A Picture is Worth a Thousand Words

As a freelance writer, my wife can often be overheard stressing about “art.” According to her philosophy, the graphic for a story can either make or break how the piece is perceived by readers. It’s even more important for online media today, where authors get a one-shot deal at a graphic that appears at the top of the page, setting the tone for the whole shebang. The days of print media and the opportunity to publish a myriad of photos to round out the story are in the rear-view mirror.

Several years ago when I worked for another company, Susan was helping me with a very large proposal for Department of Defense work, mainly in paring down superfluous wording. The document I was working on went with a 60+-slide presentation to a client. While I did not work for Vitech then, I was relying almost exclusively on visuals from CORE, and as we worked to make the language more concise, my wife remarked, “You know, these are really quite good. It’s scary, but I feel like I actually could understand the technical part of all this!” This from someone who is always making jokes about the boring job of an engineer and our lack of creativity.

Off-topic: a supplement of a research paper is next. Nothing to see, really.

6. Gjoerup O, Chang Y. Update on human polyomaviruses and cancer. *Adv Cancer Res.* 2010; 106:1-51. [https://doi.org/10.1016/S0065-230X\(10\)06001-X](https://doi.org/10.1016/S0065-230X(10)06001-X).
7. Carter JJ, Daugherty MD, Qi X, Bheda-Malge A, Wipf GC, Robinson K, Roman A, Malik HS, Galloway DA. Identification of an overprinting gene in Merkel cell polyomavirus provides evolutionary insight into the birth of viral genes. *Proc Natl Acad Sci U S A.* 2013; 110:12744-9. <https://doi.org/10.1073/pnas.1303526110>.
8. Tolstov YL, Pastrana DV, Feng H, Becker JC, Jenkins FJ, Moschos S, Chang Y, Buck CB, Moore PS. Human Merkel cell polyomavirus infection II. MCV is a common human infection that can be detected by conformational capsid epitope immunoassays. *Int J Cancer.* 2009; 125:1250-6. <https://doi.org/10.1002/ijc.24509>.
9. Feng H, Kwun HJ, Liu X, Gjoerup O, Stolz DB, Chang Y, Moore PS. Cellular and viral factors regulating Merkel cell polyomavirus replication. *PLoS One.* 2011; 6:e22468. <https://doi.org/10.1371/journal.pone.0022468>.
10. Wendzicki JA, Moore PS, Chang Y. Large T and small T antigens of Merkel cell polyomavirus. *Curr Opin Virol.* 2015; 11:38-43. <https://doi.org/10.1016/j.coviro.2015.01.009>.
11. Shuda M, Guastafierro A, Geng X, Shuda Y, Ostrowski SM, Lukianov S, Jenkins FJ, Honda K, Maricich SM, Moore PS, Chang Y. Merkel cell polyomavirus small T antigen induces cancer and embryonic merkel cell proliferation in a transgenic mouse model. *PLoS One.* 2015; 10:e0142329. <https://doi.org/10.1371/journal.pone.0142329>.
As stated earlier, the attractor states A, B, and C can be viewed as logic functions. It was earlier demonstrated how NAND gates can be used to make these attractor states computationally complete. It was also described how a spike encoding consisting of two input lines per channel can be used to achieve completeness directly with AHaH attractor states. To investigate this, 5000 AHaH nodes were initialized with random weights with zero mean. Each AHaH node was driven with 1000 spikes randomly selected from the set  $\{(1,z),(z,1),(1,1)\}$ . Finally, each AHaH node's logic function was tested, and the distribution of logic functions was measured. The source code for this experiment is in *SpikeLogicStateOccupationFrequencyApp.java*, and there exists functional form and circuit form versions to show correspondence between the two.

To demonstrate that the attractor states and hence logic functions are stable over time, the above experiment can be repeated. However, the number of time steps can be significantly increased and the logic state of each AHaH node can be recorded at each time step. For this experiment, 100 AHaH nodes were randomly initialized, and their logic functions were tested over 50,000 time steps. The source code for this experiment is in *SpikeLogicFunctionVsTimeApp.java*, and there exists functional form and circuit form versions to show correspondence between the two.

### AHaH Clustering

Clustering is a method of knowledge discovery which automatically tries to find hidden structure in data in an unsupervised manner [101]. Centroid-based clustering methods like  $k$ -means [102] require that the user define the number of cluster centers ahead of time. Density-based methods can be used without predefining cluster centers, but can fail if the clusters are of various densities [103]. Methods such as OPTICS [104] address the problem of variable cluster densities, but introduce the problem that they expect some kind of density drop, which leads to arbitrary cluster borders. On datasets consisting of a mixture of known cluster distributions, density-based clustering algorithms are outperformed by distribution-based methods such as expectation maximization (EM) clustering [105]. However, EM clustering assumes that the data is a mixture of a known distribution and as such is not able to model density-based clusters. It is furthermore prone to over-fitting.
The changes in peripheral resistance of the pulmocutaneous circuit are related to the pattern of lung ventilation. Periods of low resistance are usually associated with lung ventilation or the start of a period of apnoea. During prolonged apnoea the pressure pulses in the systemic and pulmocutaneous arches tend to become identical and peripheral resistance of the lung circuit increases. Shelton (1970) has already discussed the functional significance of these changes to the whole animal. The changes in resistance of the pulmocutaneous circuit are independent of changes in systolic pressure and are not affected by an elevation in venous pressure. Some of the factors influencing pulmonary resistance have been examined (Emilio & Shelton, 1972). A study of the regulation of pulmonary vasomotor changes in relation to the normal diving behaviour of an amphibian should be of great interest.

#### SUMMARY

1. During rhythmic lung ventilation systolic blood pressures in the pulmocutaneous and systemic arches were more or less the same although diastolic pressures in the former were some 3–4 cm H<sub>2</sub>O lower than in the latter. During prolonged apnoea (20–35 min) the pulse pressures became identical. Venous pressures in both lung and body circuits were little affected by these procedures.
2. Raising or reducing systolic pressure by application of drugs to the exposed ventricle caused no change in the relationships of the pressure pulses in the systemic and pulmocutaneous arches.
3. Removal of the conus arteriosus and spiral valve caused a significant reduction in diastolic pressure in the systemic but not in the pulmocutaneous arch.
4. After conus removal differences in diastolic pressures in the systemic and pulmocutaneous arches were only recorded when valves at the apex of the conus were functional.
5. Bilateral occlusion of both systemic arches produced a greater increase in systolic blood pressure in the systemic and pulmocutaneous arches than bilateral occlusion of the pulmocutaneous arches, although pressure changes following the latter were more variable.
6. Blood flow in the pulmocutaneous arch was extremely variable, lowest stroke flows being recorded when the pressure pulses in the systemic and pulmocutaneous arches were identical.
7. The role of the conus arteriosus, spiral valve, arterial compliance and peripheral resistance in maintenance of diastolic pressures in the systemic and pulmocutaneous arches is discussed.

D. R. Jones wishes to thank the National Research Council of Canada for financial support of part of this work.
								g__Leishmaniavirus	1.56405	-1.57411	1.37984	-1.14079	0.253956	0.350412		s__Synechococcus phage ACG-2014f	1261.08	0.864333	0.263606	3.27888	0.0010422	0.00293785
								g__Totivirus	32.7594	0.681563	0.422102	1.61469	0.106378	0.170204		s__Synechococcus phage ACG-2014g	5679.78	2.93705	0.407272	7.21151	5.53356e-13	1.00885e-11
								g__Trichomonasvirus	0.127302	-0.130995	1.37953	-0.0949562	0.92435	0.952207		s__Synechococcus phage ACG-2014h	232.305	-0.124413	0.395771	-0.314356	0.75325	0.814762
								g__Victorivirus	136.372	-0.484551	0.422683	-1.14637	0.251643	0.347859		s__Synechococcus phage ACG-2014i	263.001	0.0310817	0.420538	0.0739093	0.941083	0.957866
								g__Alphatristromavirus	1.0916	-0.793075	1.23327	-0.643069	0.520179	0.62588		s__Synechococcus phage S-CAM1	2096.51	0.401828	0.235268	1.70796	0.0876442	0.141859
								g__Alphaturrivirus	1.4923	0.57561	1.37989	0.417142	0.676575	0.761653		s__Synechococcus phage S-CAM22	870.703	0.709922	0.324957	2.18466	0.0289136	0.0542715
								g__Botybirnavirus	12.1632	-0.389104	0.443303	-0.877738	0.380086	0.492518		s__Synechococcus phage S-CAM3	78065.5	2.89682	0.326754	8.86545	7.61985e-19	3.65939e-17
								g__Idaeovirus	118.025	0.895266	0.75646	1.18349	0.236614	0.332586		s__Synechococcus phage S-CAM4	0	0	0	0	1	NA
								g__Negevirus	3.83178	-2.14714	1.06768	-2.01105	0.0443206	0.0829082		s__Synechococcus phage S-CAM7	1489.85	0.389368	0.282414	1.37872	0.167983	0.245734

I explained to her that my discovery of CORE and the visuals it’s able to generate answered all the needs of the project, and further, that it was not the first time I had used it in presentations on model-based systems engineering (MBSE).

In preparing proposals involving MBSE, one has a brief window of time to convince a client that (a.) he has a thorough understanding of MBSE, and (b.) he has a tool to design and bring the project to completion. Of supreme importance in an extremely competitive market is the ability to create diagrams which convey these capabilities. Vitech’s CORE and GENESYS both more than fit the bill. Think of it as software that does double duty. It creates the important visuals which show the contractor/client what you can accomplish, and then, once the contract is accepted, it helps you fulfill the promise.